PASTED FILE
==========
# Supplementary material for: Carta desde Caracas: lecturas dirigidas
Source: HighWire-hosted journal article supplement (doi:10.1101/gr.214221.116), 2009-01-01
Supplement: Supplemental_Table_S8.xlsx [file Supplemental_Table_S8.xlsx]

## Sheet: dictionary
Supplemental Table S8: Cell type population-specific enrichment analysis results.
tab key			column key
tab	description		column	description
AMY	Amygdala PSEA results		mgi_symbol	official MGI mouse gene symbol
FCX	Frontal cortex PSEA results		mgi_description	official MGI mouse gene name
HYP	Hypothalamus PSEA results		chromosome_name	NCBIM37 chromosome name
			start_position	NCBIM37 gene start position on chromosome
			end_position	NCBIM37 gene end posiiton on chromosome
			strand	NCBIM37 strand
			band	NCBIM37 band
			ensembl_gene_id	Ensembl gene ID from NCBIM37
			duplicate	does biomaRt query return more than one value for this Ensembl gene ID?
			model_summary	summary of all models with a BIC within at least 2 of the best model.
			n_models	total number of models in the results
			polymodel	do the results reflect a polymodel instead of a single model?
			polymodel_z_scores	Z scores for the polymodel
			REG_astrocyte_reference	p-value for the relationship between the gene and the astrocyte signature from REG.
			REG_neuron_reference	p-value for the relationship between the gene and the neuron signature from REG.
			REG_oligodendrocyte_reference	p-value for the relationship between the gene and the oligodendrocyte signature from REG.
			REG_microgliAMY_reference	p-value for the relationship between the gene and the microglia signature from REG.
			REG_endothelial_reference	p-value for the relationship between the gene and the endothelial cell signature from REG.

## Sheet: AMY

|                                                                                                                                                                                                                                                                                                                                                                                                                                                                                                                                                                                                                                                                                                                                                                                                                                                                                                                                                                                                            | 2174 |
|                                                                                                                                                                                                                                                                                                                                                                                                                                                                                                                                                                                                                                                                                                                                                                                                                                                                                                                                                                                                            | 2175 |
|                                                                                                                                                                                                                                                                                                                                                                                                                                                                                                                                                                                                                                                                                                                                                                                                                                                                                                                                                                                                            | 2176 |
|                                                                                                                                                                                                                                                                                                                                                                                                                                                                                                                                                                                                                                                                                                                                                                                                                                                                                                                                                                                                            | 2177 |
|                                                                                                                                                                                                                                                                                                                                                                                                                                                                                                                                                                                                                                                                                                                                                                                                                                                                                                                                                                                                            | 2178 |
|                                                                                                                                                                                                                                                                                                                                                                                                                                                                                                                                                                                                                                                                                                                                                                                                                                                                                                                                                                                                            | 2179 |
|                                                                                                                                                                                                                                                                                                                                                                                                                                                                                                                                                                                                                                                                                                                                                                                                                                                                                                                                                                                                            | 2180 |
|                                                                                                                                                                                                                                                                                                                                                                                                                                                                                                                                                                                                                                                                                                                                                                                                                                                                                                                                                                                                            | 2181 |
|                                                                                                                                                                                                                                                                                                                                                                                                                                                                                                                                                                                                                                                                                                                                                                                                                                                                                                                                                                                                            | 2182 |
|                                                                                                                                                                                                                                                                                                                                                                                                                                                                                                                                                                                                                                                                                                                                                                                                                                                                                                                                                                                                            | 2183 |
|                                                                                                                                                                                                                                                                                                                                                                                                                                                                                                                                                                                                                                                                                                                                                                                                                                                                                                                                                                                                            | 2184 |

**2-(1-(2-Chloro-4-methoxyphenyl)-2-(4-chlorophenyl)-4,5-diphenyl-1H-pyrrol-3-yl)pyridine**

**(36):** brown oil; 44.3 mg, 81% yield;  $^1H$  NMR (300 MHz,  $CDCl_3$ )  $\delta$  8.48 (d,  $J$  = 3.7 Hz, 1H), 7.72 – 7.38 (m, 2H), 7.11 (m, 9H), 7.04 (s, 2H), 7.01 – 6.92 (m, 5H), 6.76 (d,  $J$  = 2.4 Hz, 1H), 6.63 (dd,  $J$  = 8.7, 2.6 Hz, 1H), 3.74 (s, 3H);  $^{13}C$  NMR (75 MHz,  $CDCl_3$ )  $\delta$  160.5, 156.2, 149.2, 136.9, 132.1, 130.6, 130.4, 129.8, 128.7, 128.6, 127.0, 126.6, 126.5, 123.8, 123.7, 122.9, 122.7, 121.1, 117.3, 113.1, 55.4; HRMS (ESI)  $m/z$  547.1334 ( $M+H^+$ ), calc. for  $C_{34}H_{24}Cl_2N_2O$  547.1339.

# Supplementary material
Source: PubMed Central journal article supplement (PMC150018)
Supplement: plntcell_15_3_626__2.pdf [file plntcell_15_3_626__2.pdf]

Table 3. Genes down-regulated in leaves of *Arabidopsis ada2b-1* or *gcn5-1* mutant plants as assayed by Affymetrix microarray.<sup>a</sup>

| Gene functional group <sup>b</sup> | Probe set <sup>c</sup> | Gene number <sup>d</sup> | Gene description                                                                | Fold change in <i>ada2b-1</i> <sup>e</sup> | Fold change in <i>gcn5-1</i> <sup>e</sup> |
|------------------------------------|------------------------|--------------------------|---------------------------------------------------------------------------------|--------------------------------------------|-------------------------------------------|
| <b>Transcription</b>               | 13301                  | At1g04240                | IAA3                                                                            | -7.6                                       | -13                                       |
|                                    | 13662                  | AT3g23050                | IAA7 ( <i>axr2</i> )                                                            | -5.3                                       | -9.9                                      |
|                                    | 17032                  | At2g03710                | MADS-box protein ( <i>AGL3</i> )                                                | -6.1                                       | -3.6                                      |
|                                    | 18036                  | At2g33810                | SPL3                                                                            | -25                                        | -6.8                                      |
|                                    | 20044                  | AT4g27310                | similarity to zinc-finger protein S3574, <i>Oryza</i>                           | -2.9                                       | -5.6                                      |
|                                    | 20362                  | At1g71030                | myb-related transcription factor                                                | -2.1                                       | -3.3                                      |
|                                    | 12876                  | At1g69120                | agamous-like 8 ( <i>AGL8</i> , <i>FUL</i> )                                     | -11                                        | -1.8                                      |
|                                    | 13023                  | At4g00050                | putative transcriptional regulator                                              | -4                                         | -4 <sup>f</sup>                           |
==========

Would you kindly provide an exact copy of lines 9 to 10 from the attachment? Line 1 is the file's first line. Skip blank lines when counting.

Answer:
FCX	Frontal cortex PSEA results		mgi_description	official MGI mouse gene name
HYP	Hypothalamus PSEA results		chromosome_name	NCBIM37 chromosome name